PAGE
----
Mechanism Of Injury
September 20, 2022
As per PFC - 1322, the client is suggesting the translation “Cinétique importante” (which literally means “high kinetics”) for “MASS injury.” However, we’re already using “Cinétique importante" for “High mechanism.” I was hoping you could provide some clarification on the difference between a “Mass injury” and a “High mechanism incident" so that we can provide a more accurate translation or decide whether “Cinétique importante” is appropriate for both English terms. We’re happy to jump on a quick call if that’s convenient.
French Language and Localization Specialist
Priority Dispatch Corp.™
Sure. Thanks for reaching out.
Mechanism of Injury is a common term in trauma medicine and refers to a very broad range of mechanisms a patient may be injured by. A long fall, for instance, creates much more inertia than a ground level fall, which alerts us to the potential for injuries we do not see, and we want to capture these events to avoid under-triage. There are several HIGH MECHANISM examples on Protocol 29, and LONG or EXTREME FALL on Protocol 17 provide a couple more typical examples. I think “kinetics” works pretty well in covering this as it implies motion. HIGH VELOCITY Impact, also on Protocol 29, implies motion as well but is specific to speed, which is obviously pertinent with regard to traffic/transportation events.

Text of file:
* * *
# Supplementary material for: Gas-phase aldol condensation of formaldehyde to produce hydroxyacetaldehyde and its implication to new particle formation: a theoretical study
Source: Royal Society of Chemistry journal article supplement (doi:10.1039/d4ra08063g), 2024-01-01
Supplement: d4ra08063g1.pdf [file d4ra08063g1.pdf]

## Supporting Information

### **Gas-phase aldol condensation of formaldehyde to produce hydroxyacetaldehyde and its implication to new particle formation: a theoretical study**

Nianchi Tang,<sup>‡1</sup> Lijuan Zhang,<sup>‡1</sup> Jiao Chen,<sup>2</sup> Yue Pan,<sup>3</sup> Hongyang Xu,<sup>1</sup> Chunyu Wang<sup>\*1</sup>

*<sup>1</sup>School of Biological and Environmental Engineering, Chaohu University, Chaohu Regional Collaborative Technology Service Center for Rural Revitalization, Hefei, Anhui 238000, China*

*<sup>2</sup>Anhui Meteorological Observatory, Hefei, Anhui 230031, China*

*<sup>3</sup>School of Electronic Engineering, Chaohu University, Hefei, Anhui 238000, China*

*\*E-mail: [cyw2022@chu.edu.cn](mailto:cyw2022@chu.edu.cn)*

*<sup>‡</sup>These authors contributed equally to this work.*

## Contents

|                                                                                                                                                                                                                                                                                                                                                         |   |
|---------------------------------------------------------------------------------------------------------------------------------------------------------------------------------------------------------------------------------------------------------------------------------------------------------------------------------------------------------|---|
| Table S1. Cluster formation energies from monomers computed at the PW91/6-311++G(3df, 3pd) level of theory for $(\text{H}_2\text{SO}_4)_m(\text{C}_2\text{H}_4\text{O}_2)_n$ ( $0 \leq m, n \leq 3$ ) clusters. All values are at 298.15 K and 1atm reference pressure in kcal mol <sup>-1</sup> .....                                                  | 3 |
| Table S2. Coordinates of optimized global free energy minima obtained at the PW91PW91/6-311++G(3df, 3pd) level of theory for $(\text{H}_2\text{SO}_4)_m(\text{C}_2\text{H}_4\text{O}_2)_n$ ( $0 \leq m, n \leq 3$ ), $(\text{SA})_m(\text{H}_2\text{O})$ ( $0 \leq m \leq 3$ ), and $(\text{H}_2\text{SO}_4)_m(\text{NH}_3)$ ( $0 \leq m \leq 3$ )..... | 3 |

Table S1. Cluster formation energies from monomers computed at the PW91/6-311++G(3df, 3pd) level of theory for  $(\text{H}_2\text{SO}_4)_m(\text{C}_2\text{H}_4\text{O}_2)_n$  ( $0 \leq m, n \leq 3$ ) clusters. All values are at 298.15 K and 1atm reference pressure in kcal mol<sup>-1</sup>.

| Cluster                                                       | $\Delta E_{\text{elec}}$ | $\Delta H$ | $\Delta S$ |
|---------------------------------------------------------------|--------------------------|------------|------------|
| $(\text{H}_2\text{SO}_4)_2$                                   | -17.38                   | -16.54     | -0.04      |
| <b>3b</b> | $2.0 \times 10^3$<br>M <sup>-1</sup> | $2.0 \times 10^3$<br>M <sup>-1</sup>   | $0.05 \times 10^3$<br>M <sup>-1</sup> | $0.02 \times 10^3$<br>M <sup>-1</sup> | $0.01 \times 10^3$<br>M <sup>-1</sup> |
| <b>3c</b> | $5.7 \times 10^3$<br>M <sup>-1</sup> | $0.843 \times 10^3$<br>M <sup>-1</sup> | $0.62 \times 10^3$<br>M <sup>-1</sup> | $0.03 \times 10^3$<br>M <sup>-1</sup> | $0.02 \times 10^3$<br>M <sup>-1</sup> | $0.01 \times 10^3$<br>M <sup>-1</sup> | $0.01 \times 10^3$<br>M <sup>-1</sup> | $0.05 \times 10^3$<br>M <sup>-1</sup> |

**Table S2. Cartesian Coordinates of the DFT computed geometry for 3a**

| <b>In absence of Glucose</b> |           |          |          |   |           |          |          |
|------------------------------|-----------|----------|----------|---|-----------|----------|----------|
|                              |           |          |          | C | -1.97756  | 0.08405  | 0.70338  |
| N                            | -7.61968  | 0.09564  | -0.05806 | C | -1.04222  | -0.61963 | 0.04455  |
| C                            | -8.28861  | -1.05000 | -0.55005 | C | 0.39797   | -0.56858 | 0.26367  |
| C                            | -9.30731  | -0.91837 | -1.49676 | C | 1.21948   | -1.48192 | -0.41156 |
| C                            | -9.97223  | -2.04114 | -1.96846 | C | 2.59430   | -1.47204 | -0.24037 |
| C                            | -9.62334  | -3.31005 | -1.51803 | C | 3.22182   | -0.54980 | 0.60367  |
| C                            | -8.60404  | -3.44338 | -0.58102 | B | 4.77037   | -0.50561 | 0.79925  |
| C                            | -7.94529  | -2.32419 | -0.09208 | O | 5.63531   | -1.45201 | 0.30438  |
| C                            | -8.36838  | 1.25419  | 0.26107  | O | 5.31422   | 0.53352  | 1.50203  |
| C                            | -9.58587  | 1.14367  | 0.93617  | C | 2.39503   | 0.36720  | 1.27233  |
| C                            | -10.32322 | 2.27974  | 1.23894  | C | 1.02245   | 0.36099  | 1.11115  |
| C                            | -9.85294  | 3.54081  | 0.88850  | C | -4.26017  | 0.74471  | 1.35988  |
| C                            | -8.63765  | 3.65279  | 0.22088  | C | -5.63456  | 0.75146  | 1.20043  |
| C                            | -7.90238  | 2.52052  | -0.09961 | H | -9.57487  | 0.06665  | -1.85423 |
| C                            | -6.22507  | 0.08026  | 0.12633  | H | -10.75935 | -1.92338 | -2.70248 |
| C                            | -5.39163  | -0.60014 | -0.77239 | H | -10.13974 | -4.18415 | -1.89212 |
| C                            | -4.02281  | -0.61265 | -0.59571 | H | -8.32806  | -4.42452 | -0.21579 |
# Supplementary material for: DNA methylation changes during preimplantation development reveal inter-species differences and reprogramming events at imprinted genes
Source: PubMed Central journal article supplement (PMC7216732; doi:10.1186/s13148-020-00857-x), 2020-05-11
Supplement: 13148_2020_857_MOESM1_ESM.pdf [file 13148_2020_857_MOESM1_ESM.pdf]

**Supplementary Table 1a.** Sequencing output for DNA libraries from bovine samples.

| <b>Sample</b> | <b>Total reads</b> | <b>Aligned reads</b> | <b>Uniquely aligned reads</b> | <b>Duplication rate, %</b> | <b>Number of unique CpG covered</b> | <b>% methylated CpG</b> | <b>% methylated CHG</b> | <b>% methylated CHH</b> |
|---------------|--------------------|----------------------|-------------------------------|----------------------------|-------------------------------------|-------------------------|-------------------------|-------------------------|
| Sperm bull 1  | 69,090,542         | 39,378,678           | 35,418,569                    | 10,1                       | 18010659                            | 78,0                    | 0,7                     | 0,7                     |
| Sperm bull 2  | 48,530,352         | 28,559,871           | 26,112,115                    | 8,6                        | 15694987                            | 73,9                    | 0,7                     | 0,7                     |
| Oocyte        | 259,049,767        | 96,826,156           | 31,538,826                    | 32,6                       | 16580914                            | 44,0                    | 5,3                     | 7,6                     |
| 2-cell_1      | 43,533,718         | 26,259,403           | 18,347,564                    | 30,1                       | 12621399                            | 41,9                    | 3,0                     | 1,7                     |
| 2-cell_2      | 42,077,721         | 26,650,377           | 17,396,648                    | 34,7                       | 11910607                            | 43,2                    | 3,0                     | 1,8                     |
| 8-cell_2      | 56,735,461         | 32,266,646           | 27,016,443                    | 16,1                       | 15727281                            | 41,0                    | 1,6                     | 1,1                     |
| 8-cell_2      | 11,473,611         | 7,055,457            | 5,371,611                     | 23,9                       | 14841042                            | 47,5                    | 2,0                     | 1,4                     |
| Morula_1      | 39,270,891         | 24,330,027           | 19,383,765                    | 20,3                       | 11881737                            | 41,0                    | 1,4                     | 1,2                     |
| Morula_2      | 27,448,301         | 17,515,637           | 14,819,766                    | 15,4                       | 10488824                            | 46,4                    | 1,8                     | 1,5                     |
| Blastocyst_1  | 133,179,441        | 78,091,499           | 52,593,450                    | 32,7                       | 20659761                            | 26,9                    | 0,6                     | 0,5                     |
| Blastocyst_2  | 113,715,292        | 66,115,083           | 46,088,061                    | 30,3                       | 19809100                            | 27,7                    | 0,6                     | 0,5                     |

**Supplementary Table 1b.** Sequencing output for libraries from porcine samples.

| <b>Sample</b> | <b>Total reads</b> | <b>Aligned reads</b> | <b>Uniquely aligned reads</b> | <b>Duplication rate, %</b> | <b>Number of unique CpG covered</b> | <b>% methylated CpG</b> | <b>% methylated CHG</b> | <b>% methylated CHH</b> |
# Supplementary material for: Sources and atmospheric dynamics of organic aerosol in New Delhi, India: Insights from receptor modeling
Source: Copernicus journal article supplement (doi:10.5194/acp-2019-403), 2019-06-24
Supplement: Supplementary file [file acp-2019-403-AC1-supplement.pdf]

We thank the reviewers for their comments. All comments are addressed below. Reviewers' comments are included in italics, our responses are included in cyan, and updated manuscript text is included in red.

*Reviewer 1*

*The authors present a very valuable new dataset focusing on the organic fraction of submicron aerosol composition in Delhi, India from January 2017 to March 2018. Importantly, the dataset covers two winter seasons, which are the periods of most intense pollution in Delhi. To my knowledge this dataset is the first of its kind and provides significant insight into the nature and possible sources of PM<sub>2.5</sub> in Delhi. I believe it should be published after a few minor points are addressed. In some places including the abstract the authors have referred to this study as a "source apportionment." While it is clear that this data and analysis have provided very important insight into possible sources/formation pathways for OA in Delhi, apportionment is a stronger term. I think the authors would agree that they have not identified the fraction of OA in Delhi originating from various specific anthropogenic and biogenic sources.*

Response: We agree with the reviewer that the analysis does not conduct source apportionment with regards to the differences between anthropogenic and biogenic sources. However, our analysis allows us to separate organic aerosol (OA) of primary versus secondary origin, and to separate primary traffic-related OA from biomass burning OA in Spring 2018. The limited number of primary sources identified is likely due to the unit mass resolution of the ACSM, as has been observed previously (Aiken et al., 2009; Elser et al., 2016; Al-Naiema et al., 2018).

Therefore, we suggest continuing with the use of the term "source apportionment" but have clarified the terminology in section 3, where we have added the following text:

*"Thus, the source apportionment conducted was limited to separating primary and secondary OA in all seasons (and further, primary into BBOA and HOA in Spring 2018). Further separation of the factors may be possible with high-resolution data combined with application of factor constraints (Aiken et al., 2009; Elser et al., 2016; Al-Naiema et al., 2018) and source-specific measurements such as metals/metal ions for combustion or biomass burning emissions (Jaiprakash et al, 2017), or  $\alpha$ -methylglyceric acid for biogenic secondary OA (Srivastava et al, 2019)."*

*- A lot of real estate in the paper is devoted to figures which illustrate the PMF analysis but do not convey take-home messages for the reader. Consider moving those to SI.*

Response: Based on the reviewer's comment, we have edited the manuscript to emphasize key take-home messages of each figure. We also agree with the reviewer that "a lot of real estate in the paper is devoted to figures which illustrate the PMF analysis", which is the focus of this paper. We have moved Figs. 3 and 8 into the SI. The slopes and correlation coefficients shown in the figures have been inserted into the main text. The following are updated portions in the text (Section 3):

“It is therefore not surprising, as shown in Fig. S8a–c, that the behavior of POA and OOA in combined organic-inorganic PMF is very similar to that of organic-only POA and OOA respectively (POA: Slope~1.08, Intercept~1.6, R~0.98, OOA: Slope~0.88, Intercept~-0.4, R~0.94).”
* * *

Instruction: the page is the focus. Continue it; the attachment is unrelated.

HIGH MASS injury is a bit different, and the term has been a little problematic in other languages. I don’t quite understand why because mass is a scientific term that should be understood universally as relating to density (the amount of matter contained in something) and sometimes relating to gravity in cosmology as high mass facilitates gravity. Something relatively small can have a lot of potentially injurious mass, i.e., a bowling ball, wrecking ball, or something small but very heavy, like a chunk of steel, can do a lot of damage at a relatively low speed, or even when idle as it doesn’t tend to move much when you hit it, i.e., an oak tree. Heavy equipment is responsible for many of the HIGH MASS injuries we see in EMS. The bucket of a front-end loader or a pallet of concrete block comes to mind. In contrast, a very large balloon has impressive size but relatively low mass.